Luzsec Portugal ataca

Hackers divulgam dados pessoais de 107 polícias de Lisboa e ameaçam toda a PSP
29.11.2011 - 08:10 Por José Bento Amaro

Um grupo intitulado Lulzsec Portugal terá acedido ilegalmente aos computadores do Ministério da Administração Interna (MAI), copiado e divulgado os dados pessoais de mais de uma centena de efectivos da PSP a trabalharem em três esquadras de Lisboa. Num texto resumido, acompanhado do endereço onde os dados pessoais podem ser consultados, os hackers ameaçam vir a divulgar os elementos de todo o efectivo da PSP, argumentando que tal acontece como represália pelos actos de violência que terão sido praticados contra pessoas que, no dia 24, participaram, em frente à Assembleia da República, no protesto da greve geral.

Os dados pessoais (nome, posto, número de identificação, local de trabalho e cargo desempenhado, número de telefone e contacto e-mail) de 107 polícias começaram a ser divulgados na noite de domingo. Ontem de manhã muitos polícias contactados pelo PÚBLICO, incluindo diversos sindicatos, desconheciam a eventual intromissão e violação da Rede Nacional de Segurança de Segurança Interna, sistema no qual se incluem ainda os dados pessoais de outras forças tuteladas pelo MAI, nomeadamente a GNR e os bombeiros. Feito o contacto telefónico para a assessoria de imprensa do ministério, não foi negada a quebra de segurança, mas recusaram fazer qualquer comentário sobre a situação.

No curto texto do Lulzsec Portugal é dito: "Em resposta às detenções e violência sobre civis desarmados iremos divulgar os dados de todos os agentes da PSP, esquadra a esquadra, indivíduo a indivíduo, a começar pela esquadra de Chelas". Para Hélder Andrade, presidente da Associação Sindical dos Oficiais da Polícia (ASOP), o texto em causa é motivo mais que suficiente para "pedir esclarecimentos à Direcção Nacional [da PSP]".

...

Notícia completa no site do Público: http://www.publico.pt/Sociedade/hackers-divulgam-dados-pessoais-de-107-policias-de-lisboa-e-ameacam-toda-a-psp-1523008


Hackers querem ataques colectivos a partir de 1 de Dezembro
29.11.2011 - 17:37 Por João Pedro Pereira

Num texto publicado hoje, o LulzSec Portugal afirma que vai juntar-se ao Anonymous Portugal (ambos inspirados nos grupos internacionais homónimos), para dar início ao que chamam a operação #AntiSecPT (mais uma vez, inspirada numa operação semelhante a nível internacional).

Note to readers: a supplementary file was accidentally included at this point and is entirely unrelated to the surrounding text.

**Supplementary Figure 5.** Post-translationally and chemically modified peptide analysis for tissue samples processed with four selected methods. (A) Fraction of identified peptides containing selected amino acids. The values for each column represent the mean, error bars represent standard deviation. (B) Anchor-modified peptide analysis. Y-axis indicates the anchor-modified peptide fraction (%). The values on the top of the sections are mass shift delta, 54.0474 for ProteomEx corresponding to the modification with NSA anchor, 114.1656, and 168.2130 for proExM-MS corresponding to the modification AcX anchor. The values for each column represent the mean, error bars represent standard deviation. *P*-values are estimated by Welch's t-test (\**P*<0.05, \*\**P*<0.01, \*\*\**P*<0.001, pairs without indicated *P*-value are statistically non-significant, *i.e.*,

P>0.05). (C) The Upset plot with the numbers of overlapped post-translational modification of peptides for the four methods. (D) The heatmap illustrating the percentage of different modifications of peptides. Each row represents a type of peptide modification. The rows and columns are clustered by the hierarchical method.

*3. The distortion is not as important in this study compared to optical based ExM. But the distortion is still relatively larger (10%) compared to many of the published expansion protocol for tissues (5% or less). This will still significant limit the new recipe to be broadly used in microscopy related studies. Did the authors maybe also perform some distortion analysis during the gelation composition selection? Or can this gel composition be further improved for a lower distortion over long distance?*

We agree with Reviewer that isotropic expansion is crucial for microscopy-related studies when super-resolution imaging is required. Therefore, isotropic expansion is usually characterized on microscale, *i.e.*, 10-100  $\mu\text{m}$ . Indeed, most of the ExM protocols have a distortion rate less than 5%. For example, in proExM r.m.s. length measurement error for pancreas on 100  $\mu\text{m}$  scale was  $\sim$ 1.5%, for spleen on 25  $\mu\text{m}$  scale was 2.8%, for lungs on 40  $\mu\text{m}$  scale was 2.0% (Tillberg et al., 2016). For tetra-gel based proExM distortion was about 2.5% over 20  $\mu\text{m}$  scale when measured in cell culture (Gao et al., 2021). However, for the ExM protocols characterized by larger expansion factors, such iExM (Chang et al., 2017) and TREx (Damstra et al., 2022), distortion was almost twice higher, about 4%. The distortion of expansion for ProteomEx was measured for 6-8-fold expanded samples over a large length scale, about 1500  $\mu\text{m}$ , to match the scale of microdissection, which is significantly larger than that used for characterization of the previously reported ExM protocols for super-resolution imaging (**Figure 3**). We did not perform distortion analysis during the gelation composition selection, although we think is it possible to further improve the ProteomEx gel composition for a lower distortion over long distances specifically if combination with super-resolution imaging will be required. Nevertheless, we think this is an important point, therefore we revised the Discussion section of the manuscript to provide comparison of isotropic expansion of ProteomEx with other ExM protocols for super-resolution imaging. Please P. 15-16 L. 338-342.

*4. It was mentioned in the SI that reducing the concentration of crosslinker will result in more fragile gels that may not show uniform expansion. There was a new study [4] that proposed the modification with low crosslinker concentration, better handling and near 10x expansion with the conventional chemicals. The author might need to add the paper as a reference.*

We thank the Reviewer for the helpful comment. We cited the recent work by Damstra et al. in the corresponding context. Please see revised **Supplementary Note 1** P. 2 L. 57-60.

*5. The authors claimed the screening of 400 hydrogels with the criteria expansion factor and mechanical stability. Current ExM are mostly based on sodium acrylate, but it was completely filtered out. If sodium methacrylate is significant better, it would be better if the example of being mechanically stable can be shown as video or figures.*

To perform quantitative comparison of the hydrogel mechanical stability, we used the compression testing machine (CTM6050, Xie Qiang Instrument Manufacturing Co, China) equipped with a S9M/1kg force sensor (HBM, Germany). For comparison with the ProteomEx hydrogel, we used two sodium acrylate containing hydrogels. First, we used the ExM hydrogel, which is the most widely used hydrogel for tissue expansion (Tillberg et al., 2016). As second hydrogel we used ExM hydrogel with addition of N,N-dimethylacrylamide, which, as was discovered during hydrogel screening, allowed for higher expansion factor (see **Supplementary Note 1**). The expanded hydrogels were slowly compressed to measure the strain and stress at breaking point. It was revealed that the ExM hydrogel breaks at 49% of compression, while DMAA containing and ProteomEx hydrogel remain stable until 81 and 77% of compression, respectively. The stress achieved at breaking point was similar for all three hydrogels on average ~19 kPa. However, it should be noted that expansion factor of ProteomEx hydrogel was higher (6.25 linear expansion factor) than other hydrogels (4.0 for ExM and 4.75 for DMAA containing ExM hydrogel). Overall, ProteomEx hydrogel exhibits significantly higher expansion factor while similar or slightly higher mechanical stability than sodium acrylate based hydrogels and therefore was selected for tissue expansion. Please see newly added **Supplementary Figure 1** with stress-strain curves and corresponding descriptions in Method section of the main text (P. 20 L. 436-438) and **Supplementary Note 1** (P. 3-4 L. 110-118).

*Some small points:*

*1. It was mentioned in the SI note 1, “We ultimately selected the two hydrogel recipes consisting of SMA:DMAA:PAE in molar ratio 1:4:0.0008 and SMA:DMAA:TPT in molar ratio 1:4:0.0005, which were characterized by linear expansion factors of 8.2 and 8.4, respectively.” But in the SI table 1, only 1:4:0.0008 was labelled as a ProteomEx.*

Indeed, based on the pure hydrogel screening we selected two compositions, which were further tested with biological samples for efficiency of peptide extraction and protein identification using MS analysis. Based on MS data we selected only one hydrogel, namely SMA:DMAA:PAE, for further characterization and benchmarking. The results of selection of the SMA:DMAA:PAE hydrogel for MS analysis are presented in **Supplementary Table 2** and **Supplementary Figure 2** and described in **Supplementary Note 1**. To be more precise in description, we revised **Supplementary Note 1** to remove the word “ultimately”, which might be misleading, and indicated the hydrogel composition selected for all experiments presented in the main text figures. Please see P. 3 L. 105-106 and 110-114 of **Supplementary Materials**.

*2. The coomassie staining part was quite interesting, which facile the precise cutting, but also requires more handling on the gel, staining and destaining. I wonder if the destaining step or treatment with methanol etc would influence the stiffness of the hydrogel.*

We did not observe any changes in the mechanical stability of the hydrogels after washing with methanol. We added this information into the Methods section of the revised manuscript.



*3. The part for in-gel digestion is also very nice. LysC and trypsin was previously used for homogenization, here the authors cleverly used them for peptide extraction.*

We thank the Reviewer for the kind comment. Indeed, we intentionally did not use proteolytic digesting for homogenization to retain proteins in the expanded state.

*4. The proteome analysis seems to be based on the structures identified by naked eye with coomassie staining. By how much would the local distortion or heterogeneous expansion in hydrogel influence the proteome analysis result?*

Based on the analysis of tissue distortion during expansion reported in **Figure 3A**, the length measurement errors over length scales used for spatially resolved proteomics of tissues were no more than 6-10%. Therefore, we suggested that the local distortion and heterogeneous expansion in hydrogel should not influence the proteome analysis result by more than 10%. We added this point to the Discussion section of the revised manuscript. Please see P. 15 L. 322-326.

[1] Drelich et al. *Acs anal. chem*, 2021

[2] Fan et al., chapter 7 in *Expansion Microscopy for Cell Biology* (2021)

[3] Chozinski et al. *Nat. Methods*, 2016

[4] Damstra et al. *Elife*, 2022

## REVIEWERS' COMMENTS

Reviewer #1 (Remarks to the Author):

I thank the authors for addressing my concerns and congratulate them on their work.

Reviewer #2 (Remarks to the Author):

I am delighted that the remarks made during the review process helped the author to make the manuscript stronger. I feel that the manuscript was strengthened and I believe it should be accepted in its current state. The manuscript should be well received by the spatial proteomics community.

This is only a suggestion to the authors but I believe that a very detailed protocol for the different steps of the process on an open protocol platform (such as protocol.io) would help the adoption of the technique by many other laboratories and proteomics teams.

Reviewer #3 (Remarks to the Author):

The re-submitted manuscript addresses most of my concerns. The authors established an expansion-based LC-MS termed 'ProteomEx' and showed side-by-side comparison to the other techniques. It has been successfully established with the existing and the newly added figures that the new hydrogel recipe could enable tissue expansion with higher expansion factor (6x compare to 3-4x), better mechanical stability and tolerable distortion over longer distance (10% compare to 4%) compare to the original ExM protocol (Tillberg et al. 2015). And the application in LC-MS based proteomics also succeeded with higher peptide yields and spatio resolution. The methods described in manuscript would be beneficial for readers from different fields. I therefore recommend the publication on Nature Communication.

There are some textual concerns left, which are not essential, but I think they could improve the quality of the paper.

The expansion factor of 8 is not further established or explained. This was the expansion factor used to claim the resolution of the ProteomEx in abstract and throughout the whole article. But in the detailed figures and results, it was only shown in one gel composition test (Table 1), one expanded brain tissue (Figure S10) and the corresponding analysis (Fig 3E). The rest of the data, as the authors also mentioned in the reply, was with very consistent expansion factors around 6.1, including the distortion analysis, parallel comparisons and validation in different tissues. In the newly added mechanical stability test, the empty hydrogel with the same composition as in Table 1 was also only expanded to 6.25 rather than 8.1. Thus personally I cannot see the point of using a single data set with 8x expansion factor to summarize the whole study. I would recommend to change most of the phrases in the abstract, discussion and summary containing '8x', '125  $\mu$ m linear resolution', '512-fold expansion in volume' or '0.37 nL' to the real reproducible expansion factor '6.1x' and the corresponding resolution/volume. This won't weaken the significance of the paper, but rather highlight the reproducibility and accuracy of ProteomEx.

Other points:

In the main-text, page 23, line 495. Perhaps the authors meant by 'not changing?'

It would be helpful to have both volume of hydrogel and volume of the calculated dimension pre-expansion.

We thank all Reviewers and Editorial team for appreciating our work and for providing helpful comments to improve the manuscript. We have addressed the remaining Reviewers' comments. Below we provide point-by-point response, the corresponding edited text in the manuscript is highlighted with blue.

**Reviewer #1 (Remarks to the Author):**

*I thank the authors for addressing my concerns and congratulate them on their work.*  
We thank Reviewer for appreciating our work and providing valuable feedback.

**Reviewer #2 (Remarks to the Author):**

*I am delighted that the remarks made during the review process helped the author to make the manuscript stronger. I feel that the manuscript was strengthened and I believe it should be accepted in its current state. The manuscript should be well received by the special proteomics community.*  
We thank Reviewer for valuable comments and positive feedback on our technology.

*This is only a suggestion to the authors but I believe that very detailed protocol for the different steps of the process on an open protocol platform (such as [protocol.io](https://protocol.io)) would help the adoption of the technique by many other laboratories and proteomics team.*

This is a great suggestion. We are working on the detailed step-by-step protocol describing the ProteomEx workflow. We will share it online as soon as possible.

Os autores do texto incitam os “auto-didatas, e hackers a espalharem pelo nosso país, assinando anonimamente em nome do movimento #AntiSecPT, em defacements [alterações a sites], ataques DDOS [ataques que visam tornar um site inacessível] e leaks [fugas de informação], que exponham online a corrupção”.

A mensagem encoraja ainda acções fora da Internet: “Apelamos que seja espalhado em graffitis pelas paredes, pela música, por vídeos e textos o combate à corrupção em nome do movimento #AntiSecPT”. Os autores, porém, fazem um apelo ao afastamento das acções de rua: “Convidamos os Anonymous com conhecimentos de informática a afastarem se das manifestações e a juntarem se a nós para uma ‘desobediência civil’ online”.

O texto foi publicado no site TugaLeaks, que tem vindo a divulgar informação sobre este género de acções em Portugal.

De acordo com a mensagem, o principal motivo da operação agendada para o próximo mês parecem ser os incidentes com a polícia ocorridos durante o dia da greve geral. “Houve denúncias e houve testemunhas que presenciaram agentes policiais à paisana a agredir e a prender injustamente um jovem, mas as inter-redes não ficaram em silêncio. Iremos denunciar os chefes policiais que obrigam a polícia no terreno a agredir os seus irmãos e irmãs que protestam pacificamente.”

Contactados por email, os responsáveis pelo texto não responderam até à hora de publicação deste artigo. Na sexta-feira passada, os LulzSec escusaram-se a responder a questões do PÚBLICO, “Neste momento não estamos dispostos a dar entrevistas”, disseram.

Ao PÚBLICO, o advogado Manuel Lopes Rocha, especializado na área das tecnologias de informação, explicou que os ataques registados recentemente aos sites portugueses, e que são do mesmo género daqueles a que os LulzSec agora incitam, podem ser punidos ao abrigo da Lei do Cibercrime, que, entre outros, prevê crimes de sabotagem informática, dano de sistemas informáticos e de acesso ilegítimo. Nos casos mais graves, a pena pode ir até aos dez anos de prisão.